Skip to content
My WebMD Sign In, Sign Up

Allergies Health Center

Font Size

Treating Food Allergies

Right now, there is no cure for food allergies. You need to be careful and avoid the food you’re allergic to.

New treatments are being studied that may help in the future, though.

Recommended Related to Allergies

Angioedema, Hereditary

Important It is possible that the main title of the report Angioedema, Hereditary is not the name you expected. Please check the synonyms listing to find the alternate name(s) and disorder subdivision(s) covered by this report.

Read the Angioedema, Hereditary article > >

Oral Immunotherapy

You know how important it is to avoid the foods that trigger your allergies. But researchers are studying whether getting a tiny amount of those foods might help your body get used to them and reduce the chance of a serious reaction.

It’s called oral immunotherapy, and so far it seems to work best for peanut, milk, and egg allergies. In studies, people have been given a tiny amount of the food they’re allergic to, while a doctor monitors them for any reaction. Over time, they get a little more of the food. 

In one study, kids with egg allergies were given small doses of egg white powder every day. After 10 months, more than half of the kids could eat the equivalent of one egg with few or no symptoms. After almost two years of the treatment, 75% of the kids were practically symptom-free.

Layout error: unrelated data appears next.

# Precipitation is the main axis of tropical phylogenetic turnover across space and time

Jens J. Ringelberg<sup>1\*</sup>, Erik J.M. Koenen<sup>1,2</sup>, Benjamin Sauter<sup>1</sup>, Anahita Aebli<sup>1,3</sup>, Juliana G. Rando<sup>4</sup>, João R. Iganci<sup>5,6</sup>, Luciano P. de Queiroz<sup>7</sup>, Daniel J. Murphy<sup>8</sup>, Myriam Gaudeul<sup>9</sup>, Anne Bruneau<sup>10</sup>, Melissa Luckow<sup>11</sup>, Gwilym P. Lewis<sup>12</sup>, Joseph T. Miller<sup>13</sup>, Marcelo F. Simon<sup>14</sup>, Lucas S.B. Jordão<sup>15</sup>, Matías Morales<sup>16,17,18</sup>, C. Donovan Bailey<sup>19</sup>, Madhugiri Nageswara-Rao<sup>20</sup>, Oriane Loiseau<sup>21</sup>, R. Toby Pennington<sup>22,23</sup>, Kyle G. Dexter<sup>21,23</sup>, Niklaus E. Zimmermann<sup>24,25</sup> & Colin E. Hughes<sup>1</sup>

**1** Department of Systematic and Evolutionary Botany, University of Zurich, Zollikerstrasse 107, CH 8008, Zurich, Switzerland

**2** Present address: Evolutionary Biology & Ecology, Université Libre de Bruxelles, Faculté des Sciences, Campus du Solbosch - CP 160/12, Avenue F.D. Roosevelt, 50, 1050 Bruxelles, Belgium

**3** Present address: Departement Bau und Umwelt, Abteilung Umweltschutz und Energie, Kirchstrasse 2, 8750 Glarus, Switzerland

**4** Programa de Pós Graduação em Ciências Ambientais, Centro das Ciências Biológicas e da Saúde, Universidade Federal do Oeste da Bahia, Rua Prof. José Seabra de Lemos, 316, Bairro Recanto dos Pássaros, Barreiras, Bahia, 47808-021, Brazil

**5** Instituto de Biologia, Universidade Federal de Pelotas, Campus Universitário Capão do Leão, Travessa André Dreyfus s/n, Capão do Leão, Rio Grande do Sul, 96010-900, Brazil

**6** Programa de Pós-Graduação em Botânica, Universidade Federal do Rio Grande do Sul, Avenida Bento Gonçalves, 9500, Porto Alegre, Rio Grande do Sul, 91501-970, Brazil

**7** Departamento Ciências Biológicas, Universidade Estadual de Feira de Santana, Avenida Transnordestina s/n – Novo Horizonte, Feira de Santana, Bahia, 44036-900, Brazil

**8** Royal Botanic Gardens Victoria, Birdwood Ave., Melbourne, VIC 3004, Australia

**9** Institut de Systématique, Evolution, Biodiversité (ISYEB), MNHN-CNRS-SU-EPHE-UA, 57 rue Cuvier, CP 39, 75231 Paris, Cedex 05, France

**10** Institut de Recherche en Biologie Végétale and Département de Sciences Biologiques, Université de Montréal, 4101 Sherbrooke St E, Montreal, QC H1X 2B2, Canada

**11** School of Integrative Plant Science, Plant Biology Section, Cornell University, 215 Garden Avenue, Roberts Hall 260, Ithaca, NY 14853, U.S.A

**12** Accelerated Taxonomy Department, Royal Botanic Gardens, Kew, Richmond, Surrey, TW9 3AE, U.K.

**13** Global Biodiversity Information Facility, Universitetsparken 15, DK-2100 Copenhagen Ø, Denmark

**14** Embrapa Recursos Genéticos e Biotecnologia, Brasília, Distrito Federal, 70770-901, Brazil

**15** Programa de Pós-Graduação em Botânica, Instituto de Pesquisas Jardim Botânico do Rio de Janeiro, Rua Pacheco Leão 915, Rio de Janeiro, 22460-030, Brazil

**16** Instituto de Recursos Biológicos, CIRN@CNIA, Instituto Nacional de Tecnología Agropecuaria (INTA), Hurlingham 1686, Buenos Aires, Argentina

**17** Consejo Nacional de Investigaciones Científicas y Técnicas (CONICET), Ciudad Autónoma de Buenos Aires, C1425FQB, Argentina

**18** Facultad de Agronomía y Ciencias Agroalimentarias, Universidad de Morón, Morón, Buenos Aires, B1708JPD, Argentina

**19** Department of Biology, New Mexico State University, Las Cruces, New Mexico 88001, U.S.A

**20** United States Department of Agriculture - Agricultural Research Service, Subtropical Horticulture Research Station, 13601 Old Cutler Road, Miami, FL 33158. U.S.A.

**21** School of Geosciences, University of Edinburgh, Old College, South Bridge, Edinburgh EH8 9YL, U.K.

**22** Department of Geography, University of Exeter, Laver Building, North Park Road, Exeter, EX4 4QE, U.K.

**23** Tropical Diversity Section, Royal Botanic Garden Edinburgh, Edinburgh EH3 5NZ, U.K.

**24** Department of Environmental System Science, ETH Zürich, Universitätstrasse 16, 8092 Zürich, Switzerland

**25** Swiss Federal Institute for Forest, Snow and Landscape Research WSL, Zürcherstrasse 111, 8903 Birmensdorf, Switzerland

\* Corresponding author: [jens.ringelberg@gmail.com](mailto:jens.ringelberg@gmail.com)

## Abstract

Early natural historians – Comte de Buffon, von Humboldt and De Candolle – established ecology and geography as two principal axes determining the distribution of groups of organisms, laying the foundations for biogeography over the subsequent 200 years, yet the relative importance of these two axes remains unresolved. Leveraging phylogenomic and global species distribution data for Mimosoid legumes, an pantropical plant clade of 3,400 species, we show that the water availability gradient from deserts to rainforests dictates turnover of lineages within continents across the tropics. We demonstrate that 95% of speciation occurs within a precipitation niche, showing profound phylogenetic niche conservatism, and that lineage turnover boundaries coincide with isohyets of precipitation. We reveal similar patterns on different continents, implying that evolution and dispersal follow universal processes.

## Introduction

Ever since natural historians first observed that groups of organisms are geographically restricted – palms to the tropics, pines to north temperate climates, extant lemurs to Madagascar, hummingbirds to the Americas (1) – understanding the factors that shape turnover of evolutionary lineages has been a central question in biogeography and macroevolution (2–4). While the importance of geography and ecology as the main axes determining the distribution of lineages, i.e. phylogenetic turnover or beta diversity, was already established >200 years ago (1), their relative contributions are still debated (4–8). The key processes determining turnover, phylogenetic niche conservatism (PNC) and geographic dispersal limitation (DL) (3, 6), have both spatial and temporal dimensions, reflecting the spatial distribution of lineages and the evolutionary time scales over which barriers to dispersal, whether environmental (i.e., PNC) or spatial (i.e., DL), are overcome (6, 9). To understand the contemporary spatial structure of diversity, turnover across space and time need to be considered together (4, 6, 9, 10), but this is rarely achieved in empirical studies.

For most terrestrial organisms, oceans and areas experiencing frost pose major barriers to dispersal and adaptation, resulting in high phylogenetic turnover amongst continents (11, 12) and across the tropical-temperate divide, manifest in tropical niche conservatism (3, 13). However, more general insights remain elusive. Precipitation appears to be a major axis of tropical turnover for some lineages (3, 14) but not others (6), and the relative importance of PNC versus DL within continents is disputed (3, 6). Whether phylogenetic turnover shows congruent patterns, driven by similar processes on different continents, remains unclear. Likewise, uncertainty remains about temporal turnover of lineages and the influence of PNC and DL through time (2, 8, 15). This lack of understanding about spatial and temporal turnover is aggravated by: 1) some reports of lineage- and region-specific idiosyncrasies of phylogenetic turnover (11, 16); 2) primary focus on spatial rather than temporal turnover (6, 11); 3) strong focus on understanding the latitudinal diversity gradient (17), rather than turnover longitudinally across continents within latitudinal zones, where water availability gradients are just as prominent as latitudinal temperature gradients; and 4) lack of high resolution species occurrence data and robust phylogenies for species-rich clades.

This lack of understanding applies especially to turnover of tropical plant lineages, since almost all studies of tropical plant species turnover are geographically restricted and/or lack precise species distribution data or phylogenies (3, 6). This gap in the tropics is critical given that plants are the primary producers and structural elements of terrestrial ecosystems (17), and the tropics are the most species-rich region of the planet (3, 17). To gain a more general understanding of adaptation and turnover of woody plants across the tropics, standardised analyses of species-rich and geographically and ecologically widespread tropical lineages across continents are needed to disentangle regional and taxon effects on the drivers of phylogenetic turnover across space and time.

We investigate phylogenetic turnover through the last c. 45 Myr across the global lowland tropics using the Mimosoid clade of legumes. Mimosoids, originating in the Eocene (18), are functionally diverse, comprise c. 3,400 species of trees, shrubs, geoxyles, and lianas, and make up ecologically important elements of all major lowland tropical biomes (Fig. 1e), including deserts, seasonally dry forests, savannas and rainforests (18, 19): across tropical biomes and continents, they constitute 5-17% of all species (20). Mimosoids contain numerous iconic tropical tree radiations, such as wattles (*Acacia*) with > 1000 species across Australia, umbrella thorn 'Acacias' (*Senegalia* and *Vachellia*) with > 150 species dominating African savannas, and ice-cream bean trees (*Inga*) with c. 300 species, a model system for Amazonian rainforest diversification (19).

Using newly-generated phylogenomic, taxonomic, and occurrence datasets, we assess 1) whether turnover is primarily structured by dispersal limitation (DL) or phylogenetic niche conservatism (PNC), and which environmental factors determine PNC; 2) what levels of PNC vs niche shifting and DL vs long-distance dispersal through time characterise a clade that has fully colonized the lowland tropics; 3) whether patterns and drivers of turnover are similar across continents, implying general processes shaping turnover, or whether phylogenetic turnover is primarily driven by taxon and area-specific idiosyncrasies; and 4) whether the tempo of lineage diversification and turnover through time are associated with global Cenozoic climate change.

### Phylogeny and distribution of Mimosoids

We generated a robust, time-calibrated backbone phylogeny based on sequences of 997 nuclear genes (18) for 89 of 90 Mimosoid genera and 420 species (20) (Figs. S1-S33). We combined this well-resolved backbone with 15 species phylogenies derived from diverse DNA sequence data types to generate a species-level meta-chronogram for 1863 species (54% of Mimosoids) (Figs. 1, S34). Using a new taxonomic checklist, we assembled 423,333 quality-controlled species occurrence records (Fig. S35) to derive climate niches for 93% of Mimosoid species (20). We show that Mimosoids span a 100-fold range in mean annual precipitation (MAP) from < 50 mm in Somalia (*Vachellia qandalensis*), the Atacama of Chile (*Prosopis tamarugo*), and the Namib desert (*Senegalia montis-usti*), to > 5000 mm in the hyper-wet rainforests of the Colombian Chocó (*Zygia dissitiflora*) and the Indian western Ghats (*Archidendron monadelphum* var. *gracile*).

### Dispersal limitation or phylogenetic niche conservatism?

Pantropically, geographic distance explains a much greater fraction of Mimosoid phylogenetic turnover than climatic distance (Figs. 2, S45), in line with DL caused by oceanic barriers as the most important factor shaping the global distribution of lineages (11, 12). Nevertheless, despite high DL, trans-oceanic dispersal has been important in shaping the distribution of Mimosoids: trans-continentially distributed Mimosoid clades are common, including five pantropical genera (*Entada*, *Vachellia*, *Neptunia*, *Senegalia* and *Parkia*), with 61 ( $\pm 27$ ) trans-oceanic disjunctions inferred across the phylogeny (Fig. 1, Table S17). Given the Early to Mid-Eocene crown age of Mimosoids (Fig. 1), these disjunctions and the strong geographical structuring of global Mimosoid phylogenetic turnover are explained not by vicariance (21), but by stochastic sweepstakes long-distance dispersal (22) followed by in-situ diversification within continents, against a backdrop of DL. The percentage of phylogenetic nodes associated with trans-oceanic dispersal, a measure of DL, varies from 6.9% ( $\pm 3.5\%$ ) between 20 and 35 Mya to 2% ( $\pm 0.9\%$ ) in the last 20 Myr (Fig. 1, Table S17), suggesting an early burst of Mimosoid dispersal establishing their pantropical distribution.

It’s important to note that these are research studies in carefully controlled situations. Don’t try this at home -- you could have a life-threatening reaction.

Allergy Drops

Another similar treatment is called sublingual immunotherapy (SLIT). It’s been used in Europe and has been studied in the U.S. for nasal allergies and asthma. Researchers are now investigating whether it can help food allergies, although it’s not yet approved to treat any allergies in the U.S.

With SLIT, a doctor puts a few drops containing the food under the person’s tongue for a minute or two. The doctor watches closely to make sure there’s no serious reaction. Over time, the dose is increased.

So far, researchers have studied SLIT for peanut, milk, peach, and kiwi allergies. The studies show that it works for many people while they are getting this treatment, but researchers are still looking at whether it lasts after people stop getting the daily doses.

Asthma Medication

It's still early in the research stage, but the asthma medicine Xolair (omalizumab) may make oral immunotherapy work better. Researchers are studying it to see if it may help by itself. Right now Xolair is only approved in the U.S. to treat allergic asthma.

WebMD Medical Reference

Reviewed by Luqman Seidu, MD on October 25, 2012

Today on WebMD

man blowing nose
Make these tweaks to your diet, home, and lifestyle.
Allergy capsule
Breathe easier with these products.
 
cat on couch
Live in harmony with your cat or dog.
Woman sneezing with tissue in meadow
Which ones affect you?
 

woman sneezing
Slideshow
Bottle of allergy capsules and daisies
Article
 
Urban blossoms
Slideshow
Woman blowing nose
Slideshow
 

Send yourself a link to download the app.

Loading ...

Please wait...

This feature is temporarily unavailable. Please try again later.

Thanks!

Now check your email account on your mobile phone to download your new app.

Woman with itchy watery eyes
Slideshow
Allergy prick test
VIDEO
 
Man sneezing into tissue
Tools
woman with duster crinkling nose
Quiz